In this project, the methodology used for investigating the topics outlined above was a set of controlled lab experiments nested within one. Within this experiment, participants’ recall accuracy for various visual, spatial, and visuospatial elements on the route was evaluated using three visualization types that varied in their amount of
photorealism. These included an Abstract, a Realistic, and a Mixed VE (see Figure 2), for a number of route recall tasks relevant to navigation. The Mixed VE is termed “mixed” because it includes elements from both the Abstract and the Realistic VEs, balancing the amount of realism in a deliberate manner (elaborated in Section 3.5.2). This feature is
developed within this thesis. The tested recall tasks were differentiated based on the type of information being assessed: visual, spatial, and visuospatial (elaborated in Section 3.6.1). These tasks were performed by the participants both immediately after experiencing a drive-through of a route in the three VEs and a week after that; thus, addressing short- and long-term memory, respectively. Participants were counterbalanced for their age, gender, and expertise while their spatial abilities and visuospatial memory capacity were controlled with standardized psychological tests. The results of the experiments highlight the importance of all three investigated dimensions for successful route learning with VEs. More specifically, statistically significant differences in participants’ recall accuracy were observed for:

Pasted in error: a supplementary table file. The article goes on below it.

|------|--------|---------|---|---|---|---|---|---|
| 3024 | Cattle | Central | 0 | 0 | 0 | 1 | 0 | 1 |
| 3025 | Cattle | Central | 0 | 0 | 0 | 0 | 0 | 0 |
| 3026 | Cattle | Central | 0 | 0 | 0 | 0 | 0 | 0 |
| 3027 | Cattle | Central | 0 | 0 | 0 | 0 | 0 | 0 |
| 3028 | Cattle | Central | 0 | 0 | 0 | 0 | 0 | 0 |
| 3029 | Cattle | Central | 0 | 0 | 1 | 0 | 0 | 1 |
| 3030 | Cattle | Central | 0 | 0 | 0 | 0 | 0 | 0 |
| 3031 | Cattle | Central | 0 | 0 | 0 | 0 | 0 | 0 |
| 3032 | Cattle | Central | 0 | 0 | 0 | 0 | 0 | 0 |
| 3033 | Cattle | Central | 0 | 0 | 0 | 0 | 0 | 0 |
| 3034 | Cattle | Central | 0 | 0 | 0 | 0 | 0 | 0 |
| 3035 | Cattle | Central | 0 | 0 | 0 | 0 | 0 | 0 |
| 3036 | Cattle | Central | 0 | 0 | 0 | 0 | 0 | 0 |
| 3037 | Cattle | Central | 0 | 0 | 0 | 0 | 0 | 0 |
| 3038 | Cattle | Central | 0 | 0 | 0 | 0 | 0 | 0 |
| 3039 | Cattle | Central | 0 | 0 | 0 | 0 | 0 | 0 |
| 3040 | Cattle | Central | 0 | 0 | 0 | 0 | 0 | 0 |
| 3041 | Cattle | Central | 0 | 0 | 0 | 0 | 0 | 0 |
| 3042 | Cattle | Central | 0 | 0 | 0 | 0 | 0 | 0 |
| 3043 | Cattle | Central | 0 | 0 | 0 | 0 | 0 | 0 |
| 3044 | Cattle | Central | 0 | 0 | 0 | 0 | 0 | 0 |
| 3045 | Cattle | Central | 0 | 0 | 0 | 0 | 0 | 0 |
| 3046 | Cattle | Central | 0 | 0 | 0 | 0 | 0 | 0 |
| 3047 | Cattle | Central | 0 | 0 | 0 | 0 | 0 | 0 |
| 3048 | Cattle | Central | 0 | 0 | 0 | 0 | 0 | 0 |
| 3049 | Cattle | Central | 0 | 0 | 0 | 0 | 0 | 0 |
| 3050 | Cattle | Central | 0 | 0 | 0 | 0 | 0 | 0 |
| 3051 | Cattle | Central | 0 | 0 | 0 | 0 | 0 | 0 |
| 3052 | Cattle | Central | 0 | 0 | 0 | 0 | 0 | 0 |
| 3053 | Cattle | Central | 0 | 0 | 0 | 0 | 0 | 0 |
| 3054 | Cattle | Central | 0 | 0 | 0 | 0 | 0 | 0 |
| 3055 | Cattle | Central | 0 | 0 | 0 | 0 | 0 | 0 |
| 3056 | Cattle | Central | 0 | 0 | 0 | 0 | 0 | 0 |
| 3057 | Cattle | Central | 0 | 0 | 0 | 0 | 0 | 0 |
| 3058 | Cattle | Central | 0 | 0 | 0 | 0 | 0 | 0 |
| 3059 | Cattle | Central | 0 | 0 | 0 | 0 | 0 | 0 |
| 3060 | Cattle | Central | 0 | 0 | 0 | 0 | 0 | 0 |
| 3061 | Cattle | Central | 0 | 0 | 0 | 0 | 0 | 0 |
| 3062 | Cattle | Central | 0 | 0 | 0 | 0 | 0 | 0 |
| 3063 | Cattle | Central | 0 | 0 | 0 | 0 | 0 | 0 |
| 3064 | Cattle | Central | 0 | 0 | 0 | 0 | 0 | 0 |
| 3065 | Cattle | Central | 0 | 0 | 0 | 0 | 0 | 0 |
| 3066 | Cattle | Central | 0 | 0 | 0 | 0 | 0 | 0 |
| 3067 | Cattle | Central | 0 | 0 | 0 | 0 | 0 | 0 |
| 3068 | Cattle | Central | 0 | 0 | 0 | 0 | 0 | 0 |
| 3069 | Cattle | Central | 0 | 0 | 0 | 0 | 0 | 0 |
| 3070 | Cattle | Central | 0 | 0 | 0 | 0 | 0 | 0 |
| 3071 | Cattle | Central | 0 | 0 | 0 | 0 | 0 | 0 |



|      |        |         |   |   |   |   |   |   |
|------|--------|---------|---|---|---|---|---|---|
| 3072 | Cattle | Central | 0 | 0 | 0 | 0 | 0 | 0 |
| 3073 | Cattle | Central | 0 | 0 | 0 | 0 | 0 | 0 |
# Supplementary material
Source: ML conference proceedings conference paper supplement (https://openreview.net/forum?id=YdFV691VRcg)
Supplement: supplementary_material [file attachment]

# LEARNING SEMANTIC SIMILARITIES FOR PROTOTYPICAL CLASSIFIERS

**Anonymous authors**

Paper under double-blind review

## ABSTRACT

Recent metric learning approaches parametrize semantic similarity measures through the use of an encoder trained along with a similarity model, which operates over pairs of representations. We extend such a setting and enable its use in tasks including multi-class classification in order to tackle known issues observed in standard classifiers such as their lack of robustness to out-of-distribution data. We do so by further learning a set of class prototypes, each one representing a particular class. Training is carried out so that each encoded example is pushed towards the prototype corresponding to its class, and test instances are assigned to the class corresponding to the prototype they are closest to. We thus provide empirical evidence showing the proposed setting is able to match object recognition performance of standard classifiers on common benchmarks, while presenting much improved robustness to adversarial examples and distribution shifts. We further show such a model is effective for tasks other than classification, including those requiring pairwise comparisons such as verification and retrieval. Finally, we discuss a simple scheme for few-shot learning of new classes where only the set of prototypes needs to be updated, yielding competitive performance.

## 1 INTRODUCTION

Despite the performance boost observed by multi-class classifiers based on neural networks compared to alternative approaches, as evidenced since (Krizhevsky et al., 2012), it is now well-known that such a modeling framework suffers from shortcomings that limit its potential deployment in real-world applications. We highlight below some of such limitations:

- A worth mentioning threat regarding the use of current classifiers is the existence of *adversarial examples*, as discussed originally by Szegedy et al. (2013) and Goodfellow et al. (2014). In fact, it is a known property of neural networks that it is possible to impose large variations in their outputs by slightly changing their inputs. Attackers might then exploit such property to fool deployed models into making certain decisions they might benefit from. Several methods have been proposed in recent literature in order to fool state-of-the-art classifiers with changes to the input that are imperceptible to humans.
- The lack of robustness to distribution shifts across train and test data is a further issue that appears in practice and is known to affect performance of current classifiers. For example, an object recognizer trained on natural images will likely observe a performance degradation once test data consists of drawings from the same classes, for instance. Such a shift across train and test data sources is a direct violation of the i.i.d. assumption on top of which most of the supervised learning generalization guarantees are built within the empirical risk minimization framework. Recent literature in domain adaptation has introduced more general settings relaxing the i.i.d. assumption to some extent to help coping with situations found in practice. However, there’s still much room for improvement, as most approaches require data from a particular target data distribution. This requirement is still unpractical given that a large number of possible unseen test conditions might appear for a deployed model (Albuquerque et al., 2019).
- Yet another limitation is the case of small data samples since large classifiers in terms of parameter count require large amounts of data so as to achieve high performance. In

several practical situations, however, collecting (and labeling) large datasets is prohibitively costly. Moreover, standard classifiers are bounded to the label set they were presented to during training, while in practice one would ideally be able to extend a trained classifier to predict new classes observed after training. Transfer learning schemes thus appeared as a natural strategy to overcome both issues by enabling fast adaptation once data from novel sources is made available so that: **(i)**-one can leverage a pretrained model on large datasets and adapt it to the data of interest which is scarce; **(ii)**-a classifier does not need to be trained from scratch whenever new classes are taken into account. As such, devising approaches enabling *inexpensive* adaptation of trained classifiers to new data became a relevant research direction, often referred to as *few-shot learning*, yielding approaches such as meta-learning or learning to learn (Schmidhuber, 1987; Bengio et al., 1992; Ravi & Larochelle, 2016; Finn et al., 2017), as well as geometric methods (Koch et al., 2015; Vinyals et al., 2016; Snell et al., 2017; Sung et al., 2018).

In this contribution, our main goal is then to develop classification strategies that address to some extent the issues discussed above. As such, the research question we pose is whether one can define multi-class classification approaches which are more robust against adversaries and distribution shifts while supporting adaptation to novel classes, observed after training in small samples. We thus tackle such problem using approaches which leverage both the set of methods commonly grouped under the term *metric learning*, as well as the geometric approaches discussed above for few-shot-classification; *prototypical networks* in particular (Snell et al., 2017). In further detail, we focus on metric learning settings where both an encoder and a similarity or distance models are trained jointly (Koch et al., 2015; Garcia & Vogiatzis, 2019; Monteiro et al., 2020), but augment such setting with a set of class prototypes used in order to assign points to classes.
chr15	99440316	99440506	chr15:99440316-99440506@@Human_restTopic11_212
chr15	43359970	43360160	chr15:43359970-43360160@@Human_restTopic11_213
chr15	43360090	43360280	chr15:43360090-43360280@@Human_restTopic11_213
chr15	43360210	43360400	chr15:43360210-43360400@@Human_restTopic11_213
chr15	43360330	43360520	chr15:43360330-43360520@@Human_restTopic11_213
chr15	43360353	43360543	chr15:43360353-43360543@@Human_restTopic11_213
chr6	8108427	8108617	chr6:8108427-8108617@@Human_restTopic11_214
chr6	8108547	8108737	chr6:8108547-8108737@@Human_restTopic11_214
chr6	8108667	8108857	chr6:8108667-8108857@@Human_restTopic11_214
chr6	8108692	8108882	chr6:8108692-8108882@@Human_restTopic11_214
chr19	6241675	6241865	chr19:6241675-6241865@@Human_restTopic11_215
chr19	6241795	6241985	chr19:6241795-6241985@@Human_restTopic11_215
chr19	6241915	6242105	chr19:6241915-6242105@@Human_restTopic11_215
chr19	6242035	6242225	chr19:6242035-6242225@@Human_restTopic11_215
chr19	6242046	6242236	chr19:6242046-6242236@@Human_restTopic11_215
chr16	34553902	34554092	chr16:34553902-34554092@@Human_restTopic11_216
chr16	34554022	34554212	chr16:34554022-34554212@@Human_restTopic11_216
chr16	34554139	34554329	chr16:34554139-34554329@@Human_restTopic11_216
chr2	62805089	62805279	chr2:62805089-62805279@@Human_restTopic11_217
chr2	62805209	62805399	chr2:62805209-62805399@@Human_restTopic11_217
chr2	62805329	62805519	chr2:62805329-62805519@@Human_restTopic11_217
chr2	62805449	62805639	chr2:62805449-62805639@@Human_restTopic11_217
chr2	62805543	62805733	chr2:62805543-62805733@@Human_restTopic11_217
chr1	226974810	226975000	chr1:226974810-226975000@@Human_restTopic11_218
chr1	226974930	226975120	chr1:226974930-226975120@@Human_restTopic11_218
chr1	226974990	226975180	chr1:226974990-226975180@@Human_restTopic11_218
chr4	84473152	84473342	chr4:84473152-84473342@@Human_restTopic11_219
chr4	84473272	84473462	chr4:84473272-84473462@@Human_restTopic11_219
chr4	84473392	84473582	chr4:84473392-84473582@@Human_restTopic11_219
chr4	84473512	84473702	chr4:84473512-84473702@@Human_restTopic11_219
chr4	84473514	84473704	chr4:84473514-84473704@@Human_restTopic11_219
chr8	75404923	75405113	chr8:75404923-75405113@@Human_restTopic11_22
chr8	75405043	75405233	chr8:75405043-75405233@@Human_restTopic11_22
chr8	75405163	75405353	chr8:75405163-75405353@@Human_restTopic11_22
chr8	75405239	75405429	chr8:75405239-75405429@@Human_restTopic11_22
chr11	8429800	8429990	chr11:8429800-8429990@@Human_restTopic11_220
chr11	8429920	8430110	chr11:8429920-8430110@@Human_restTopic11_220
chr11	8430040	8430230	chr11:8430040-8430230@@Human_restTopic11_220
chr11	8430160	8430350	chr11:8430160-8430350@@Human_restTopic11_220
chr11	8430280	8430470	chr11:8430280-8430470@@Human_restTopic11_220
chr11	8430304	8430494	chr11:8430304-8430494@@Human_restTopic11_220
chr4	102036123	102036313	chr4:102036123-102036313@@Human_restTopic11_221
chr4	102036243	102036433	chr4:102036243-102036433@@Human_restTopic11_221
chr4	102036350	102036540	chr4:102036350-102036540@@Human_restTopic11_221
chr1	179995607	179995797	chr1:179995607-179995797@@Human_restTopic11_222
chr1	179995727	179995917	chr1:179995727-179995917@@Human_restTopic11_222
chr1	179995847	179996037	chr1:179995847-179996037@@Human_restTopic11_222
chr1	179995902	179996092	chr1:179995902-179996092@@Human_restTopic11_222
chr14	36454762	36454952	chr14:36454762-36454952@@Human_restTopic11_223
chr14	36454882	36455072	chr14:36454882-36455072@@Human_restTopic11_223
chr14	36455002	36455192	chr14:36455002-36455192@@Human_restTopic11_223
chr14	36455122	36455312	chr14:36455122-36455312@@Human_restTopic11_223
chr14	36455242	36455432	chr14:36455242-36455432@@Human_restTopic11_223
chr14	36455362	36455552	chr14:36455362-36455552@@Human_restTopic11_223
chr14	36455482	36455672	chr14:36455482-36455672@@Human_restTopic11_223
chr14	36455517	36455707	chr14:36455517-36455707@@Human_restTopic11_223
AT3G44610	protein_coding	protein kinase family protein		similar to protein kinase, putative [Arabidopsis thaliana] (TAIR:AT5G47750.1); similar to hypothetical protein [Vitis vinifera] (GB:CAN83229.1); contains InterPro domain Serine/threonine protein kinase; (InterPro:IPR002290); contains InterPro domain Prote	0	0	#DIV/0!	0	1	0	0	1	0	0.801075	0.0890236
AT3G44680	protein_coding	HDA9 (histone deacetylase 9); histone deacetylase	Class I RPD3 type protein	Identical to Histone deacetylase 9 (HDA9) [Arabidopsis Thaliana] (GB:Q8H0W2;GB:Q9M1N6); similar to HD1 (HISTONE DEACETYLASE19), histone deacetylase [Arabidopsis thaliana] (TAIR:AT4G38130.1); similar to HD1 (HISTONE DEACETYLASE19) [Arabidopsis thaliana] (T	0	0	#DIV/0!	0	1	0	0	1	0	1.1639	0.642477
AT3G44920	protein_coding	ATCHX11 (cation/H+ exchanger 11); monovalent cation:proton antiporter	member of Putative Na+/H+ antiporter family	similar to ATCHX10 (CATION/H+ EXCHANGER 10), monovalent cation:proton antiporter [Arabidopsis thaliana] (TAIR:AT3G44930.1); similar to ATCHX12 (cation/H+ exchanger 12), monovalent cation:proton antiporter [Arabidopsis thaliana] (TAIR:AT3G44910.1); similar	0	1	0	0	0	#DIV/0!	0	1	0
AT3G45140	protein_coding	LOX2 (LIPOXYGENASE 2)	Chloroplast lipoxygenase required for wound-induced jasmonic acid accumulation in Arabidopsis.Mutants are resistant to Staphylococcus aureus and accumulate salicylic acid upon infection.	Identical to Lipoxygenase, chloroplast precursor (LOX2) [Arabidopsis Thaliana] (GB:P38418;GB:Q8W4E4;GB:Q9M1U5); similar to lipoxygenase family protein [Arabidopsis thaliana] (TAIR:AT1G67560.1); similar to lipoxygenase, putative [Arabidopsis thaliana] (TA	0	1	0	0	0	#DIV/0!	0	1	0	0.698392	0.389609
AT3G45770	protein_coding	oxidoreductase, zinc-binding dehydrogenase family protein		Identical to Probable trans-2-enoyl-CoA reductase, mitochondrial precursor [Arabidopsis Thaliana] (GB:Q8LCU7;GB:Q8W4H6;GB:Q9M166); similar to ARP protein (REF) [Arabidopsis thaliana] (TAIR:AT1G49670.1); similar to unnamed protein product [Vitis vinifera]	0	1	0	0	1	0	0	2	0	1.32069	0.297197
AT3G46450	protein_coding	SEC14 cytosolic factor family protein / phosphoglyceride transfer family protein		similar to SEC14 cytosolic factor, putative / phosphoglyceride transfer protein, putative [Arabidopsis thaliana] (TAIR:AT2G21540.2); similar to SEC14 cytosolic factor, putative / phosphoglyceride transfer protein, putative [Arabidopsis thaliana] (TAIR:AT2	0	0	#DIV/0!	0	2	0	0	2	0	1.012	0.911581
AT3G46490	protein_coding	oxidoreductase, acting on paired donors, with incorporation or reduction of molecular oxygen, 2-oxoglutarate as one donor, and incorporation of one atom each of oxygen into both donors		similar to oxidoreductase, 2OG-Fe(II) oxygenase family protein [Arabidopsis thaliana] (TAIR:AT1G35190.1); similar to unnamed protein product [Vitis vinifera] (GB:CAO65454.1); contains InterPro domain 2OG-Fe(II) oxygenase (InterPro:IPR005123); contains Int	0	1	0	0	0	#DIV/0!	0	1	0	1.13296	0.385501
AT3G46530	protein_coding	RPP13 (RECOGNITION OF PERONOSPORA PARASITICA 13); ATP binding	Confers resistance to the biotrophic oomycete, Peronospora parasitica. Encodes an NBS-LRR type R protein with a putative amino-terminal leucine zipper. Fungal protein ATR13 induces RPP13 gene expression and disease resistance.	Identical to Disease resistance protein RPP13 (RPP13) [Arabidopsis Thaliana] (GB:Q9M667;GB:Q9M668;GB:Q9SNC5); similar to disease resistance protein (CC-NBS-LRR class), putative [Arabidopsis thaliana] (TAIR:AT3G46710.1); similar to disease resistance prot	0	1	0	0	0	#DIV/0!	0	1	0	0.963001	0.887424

1) the visualization type, highlighting the value of balancing the amount of photorealistic information presented in VEs while also demonstrating the positive and negative effects of abstraction and realism in VEs on route learning;
2) the recall type, highlighting nuances and peculiarities across the recall of visual, spatial, and visuospatial information in the short- and long-term; and,
3) the user characteristics, as expressed by age differences, but also by spatial abilities and visuospatial memory capacity, highlighting the importance of considering the user type, i.e., for whom the visualization is customized.

The original and unique results identified from this work advance the knowledge in GIScience, particularly in geovisualization, from the perspective of the “cognitive design” of visualizations in two distinct ways: (i) understanding the effects that visual realism has—as presented in VEs—on route learning, specifically for people of different age
groups and with different spatial abilities and memory capacity, and (ii) proposing empirically validated visualization design guidelines for the use of photorealism in VEs for efficient recall of visuospatial information during route learning, not only for shortterm but also for long-term recall in younger and older adults.

Abstract